Jesus "Chuy" Garcia

Chicago mayoral candidate Jesus “Chuy” Garcia was in Austin Tuesday at the monthly meeting of the LEADERS Network, held at the Columbus Park Refectory, 5701 W. Jackson.

Garcia, the sitting 7th District Cook County Commissioner, juxtaposed the skills he gained at the grassroots community level, particularly through his nonprofit and antiviolence work in the Little Village neighborhood, with what he described as Mayor Rahm Emanuel’s more brusque brand of politics.

When he came into office, Garcia said, Emanuel noted that his three top priorities would be to improve schools, improve public safety and put the city’s fiscal house in order.

“If I’m not mistaken, there are three strikes presently [on the Mayor’s record],” Garcia said. “But I believe the greatest mistake was not listening to the affected communities.” 

The candidate said that community organizing hones skills that Emanuel has lacked throughout his tenure.


“[Community organizing] teaches you to listen, to set a broad table…to be respectful of other people’s ideas [so] you can bring focus and build consensus,” Garcia said.

Garcia fleshed out the contrast between his leadership style and that of Emanuel during his discussion of the city’s appointed school board.

Garcia said that he wholeheartedly supports an elected school board and was one of the dissenting voices, and votes, in Springfield when the General Assembly voted to hand then-Mayor Richard M. Daley the unilateral power to appoint board members. At the time, Garcia was a state senator representing Illinois’s 1st District.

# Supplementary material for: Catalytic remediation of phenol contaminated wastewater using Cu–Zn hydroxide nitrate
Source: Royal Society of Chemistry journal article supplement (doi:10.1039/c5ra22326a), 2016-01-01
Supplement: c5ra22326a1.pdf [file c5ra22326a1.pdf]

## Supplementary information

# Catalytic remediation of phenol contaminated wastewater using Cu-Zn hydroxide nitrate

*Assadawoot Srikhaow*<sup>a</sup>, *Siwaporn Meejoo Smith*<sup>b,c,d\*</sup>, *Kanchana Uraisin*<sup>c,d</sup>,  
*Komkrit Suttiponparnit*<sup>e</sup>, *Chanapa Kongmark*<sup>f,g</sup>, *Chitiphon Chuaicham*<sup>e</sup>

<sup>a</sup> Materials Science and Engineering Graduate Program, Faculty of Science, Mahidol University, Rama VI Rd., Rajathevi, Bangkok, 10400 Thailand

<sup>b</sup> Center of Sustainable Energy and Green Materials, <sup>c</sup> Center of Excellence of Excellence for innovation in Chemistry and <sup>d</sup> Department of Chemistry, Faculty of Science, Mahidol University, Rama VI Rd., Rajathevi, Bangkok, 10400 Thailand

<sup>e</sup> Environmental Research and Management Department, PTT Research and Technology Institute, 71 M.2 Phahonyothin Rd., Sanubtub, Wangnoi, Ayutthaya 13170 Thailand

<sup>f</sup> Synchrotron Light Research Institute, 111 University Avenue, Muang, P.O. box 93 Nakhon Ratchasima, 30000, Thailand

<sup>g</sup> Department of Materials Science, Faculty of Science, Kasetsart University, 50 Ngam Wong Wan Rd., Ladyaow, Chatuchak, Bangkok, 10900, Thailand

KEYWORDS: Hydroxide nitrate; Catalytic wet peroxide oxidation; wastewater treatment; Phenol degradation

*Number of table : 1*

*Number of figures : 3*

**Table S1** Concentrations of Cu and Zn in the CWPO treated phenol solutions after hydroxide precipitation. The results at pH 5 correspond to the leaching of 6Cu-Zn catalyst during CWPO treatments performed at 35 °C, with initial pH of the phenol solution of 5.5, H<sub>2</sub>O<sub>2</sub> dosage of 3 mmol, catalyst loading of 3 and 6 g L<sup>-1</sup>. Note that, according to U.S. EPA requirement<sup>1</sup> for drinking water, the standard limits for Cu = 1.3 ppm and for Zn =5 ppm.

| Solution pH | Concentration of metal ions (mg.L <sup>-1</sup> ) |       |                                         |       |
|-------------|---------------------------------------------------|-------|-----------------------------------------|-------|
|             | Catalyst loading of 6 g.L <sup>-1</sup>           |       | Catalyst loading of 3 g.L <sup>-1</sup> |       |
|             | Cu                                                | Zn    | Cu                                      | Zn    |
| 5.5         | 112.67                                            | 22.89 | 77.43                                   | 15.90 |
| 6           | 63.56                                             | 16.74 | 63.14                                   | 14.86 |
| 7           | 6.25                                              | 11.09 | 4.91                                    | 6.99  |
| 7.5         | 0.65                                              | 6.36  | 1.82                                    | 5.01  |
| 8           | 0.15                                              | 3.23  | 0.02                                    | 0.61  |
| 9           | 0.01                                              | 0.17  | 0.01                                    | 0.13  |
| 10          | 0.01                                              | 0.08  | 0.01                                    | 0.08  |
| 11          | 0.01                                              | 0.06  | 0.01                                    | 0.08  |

“I think we need to try something new,” Garcia said. “As a matter of fact, I believe had there been an elected school board in place, we would’ve had a real robust debate about the practicality, the wisdom, or lack thereof, of closing almost 50 neighborhood schools.”

Garcia’s roots in community organizing span back to his days at the Legal Assistance Foundation, which provides legal aid to those who might otherwise not be able to afford it, and his work as the founder and executive director of the Little Village Community Development Corporation.

He also touted his experience with violence prevention efforts in his home neighborhood, claiming that the product of various grassroots initiatives and collaboration with “officials all over the city” has been a reduction of homicides among youth in Little Village by 34 percent “over a period of several years [which] we think is sustainable,” he said.

Although a longtime politician, Garcia, who migrated from a small village in Durango, Mexico to Chicago’s Pilsen neighborhood in 1965, said that his most important qualification wasn’t necessarily his time spent in halls of power.

“Being a West Sider is one of my primary affinities,” he said. “I’ve lived in two neighborhoods [since 1965]—only a mile apart. So, I’m a lifelong West Sider.” 

He did, however, proudly reference his role in taking down 10th Ward Alderman Edward Vrdolyak during the famous “Council Wars” of Harold Washington’s era. Garcia won a special election in 1986 to become 22nd Ward alderman, which is considered by many political observers as pivotal to tipping the balance of power in City Council away from Vrdolyak and toward Washington.

Garcia said that, if he gets elected, he would leverage the kind of multicultural, interfaith coalition that lifted Washington to power in the 1980s to help muscle through a new era of economic development on the West Side, particularly along major economic arterials such as Madison Street and Chicago Avenue. 

“I believe that arterial retail districts are reflections of the vibrancy, the life…the full expression of health, in a community,” he said. “Where those are missing, something is wrong.”

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